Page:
Hurricane Hilary, an east Pacific storm churning off the coast of Mexico with 140 mph sustained winds as a Category 4 major hurricane, is set to approach southern California with tropical characteristics potentially still intact this weekend, signalling a very rare event for the State and region.
Major Hurricane Hilary is heading west-north-west towards the coast of the Baja peninsula at 14 mph and carrying 140 mph sustained winds, with higher gusts currently.
NOAA says that rapid intensification could continues, as hurricane Hilary traverses warm waters near the Mexican coast, but hurricane Hilary will begin to weaken come Saturday.
What’s particularly interesting about Hilary is the fact it may still have tropical characteristics and bring tropical storm conditions to southern parts of the State of California, which is an extremely rare occurrence.
You can see the latest forecast map for Hilary from NOAA below, which shows the storm transitioning from tropical storm to depression very close to southern California.
Update: As Friday progressed, NOAA’s forecast for hurricane Hilary has brought the tropical storm force winds further into California, with a chance of greater wind speeds being experienced in the south of the State.
Whether Hilary remains a tropical storm, or a depression, it could have tropical cyclone characteristics as it enters southern California and conditions akin to a tropical storm are expected in the region.
In the historical data, a fully tropical system has only passed within 250 miles of Los Angeles once, according to meteorologist Eric Holthaus, and that hurricane, Nora in 1997, also occurred during the first year of a strong El Nino event.
So hurricane Hilary could be an extremely rare event, if it can maintain tropical characteristics. But even if it doesn’t the rainfall and flash flooding threat for parts of California is significant.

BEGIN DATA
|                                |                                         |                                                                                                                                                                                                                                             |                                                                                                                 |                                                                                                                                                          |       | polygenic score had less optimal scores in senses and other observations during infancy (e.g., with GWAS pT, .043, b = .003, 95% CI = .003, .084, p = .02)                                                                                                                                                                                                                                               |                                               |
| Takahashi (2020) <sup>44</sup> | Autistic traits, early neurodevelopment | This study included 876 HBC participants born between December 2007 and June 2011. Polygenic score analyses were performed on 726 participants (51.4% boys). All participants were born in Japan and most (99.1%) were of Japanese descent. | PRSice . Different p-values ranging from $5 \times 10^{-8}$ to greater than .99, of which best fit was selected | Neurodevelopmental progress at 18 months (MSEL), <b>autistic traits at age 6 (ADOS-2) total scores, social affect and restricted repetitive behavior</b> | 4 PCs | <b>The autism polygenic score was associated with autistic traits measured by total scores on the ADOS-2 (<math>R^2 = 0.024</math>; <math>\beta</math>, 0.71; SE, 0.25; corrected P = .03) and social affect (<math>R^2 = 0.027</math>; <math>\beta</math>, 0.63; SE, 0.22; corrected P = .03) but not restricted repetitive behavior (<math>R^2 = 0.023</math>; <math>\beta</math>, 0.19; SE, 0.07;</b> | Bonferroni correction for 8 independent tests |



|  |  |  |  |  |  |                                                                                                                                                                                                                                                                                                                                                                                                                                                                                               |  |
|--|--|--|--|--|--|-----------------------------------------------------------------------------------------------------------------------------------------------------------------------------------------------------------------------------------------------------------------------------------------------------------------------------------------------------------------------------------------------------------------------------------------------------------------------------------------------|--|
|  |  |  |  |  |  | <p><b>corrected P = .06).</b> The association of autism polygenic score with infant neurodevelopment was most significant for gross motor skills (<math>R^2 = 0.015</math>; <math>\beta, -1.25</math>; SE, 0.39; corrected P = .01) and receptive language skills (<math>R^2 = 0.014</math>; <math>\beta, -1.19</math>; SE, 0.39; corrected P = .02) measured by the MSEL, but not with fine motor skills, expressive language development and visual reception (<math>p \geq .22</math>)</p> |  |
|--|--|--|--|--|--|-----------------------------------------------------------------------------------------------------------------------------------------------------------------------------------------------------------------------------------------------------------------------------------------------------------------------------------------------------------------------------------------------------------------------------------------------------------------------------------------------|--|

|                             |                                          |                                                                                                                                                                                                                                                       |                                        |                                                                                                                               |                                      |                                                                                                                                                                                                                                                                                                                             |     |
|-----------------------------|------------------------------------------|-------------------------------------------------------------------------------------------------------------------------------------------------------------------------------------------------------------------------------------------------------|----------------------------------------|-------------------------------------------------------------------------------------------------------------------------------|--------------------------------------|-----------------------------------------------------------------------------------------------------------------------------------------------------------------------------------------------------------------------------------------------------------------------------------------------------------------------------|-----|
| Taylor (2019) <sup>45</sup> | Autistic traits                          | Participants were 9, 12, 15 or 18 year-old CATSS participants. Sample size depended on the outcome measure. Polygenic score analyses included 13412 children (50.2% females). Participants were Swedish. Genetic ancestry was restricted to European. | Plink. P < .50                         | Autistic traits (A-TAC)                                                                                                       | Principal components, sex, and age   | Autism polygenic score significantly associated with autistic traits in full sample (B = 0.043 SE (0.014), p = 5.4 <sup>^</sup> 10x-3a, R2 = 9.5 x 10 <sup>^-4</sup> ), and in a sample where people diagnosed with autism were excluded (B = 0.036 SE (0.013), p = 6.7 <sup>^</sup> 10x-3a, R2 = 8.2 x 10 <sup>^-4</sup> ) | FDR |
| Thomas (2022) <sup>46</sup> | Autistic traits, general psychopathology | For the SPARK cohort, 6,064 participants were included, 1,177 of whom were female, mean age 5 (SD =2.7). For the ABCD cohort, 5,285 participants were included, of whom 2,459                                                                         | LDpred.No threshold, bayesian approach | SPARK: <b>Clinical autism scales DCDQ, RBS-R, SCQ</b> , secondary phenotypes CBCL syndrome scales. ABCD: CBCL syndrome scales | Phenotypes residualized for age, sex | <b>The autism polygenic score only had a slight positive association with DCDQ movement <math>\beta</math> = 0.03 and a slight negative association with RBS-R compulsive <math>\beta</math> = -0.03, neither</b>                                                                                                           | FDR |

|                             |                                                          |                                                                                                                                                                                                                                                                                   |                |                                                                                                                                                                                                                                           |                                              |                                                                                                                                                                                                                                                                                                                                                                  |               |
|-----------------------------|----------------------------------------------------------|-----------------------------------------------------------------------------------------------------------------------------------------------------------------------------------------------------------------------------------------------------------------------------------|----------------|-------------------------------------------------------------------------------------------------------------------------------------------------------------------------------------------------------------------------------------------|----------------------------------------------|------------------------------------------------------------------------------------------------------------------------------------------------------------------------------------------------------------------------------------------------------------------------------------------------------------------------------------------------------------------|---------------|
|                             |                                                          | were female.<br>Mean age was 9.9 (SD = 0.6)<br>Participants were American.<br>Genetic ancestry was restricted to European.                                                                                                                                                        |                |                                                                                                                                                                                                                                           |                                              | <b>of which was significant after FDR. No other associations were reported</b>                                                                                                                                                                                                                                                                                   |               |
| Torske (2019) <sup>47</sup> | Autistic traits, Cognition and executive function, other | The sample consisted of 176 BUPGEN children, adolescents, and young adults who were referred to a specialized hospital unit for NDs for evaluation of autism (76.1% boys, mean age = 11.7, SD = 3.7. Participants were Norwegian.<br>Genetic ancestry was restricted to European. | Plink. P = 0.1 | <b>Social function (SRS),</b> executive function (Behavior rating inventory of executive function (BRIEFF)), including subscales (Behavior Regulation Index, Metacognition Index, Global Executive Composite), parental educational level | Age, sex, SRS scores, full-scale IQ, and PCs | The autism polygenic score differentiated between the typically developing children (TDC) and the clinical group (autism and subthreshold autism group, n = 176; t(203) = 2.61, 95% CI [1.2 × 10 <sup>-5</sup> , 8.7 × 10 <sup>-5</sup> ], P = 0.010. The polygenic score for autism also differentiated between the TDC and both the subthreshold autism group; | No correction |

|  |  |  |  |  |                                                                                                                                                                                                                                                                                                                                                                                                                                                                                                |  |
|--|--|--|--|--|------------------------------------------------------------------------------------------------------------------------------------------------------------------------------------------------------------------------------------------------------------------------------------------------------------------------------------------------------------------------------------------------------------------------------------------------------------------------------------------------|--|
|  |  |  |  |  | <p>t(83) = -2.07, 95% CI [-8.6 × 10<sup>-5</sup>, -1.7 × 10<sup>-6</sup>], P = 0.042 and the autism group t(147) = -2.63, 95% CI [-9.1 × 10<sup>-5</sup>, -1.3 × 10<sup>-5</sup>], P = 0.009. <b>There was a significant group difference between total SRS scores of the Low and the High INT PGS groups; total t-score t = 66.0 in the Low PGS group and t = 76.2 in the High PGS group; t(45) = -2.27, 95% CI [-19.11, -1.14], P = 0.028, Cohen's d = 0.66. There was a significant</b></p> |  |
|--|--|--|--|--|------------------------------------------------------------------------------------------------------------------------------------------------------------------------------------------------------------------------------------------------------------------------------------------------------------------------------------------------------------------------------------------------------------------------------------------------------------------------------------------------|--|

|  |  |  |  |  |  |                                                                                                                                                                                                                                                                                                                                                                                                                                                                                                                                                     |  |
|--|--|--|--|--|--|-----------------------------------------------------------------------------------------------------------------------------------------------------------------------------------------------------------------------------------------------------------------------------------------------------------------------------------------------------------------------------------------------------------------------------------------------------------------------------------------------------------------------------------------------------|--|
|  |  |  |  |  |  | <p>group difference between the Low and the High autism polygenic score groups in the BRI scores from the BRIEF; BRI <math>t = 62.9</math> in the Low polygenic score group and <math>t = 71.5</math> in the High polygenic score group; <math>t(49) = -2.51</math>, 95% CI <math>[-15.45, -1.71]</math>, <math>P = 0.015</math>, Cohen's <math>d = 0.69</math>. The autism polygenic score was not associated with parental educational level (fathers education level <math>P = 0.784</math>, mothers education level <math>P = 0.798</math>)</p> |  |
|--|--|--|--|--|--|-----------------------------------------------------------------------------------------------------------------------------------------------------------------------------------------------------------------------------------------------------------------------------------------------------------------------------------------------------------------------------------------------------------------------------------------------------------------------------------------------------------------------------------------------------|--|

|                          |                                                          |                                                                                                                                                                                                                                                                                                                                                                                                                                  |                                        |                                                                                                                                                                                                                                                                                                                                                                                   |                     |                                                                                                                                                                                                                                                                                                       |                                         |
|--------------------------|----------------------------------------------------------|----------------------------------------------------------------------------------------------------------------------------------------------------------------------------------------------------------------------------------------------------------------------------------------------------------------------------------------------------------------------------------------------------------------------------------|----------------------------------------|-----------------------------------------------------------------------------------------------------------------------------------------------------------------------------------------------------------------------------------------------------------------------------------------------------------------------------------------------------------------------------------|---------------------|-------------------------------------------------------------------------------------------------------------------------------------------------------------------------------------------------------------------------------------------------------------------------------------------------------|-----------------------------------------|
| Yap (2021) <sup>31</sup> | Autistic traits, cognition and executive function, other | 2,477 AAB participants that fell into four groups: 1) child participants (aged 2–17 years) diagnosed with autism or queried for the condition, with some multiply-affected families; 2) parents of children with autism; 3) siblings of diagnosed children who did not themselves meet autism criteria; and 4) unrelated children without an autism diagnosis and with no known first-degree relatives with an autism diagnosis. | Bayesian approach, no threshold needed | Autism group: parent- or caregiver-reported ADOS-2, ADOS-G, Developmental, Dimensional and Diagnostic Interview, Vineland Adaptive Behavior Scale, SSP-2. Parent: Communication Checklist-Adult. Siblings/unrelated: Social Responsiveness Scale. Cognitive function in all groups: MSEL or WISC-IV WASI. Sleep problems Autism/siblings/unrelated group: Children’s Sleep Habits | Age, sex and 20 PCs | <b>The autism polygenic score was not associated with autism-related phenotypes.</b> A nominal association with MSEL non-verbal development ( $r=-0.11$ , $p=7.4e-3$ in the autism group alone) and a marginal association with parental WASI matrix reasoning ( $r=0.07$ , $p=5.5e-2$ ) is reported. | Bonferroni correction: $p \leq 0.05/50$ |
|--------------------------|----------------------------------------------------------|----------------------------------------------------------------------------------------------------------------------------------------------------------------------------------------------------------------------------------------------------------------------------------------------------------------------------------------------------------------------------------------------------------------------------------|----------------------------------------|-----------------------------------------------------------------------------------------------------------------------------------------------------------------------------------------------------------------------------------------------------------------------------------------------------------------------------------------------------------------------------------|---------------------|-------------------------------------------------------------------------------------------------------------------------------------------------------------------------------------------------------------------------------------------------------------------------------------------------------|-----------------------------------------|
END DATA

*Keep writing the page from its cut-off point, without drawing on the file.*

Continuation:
NOAA forecasts “3 to 6 inches, with isolated maximum amounts up to 10 inches, across portions of the Baja California Peninsula through Sunday night.” Saying that, “Flash flooding, locally significant, will be possible.”
Further afield, NOAA forecasts, “Rainfall amounts of 3 to 5 inches, with isolated amounts of 10 inches, will be possible across portions of southern California and southern Nevada. Elsewhere across western Arizona, southwest Utah, central Nevada, and central California, rainfall totals of 1 to 3 inches are expected.”
The western Baja California peninsula of Mexico, near where Hilary makes landfall, will experience the worst, with hurricane force winds and a possible storm surge.
NOAA also warns of strong winds for the United States, saying, “The threat of significant wind impacts continues to increase for the northern portions of the Baia California Peninsula and the Southwestern United States, especially in areas of mountainous terrain. Although it is too soon to determine the location and magnitude of these impacts, interests in these areas should monitor the progress of Hilary and updates to the forecast. Watches could be issued for portions of this area on Friday.”
Meteorologists are highlighting the rainfall and flash flood threat as the most significant factors for California, with some typically very dry parts of the State likely to see more than a year’s worth of rainfall, possibly two or more for desert areas, as storm Hilary and its remnants pass.
That could deliver severe flash flooding and associated landslide threats, to some parts of the state.
The most significant impacts from hurricane Hilary are likely to be felt in Mexico, while the storm effects in California and surrounds are likely to be more secondary peril in nature.
But there will be exposure for insurance carriers operating in California, although losses are likely to be at the level that is retained, rather than ceded to now higher-attaching reinsurance, in the main.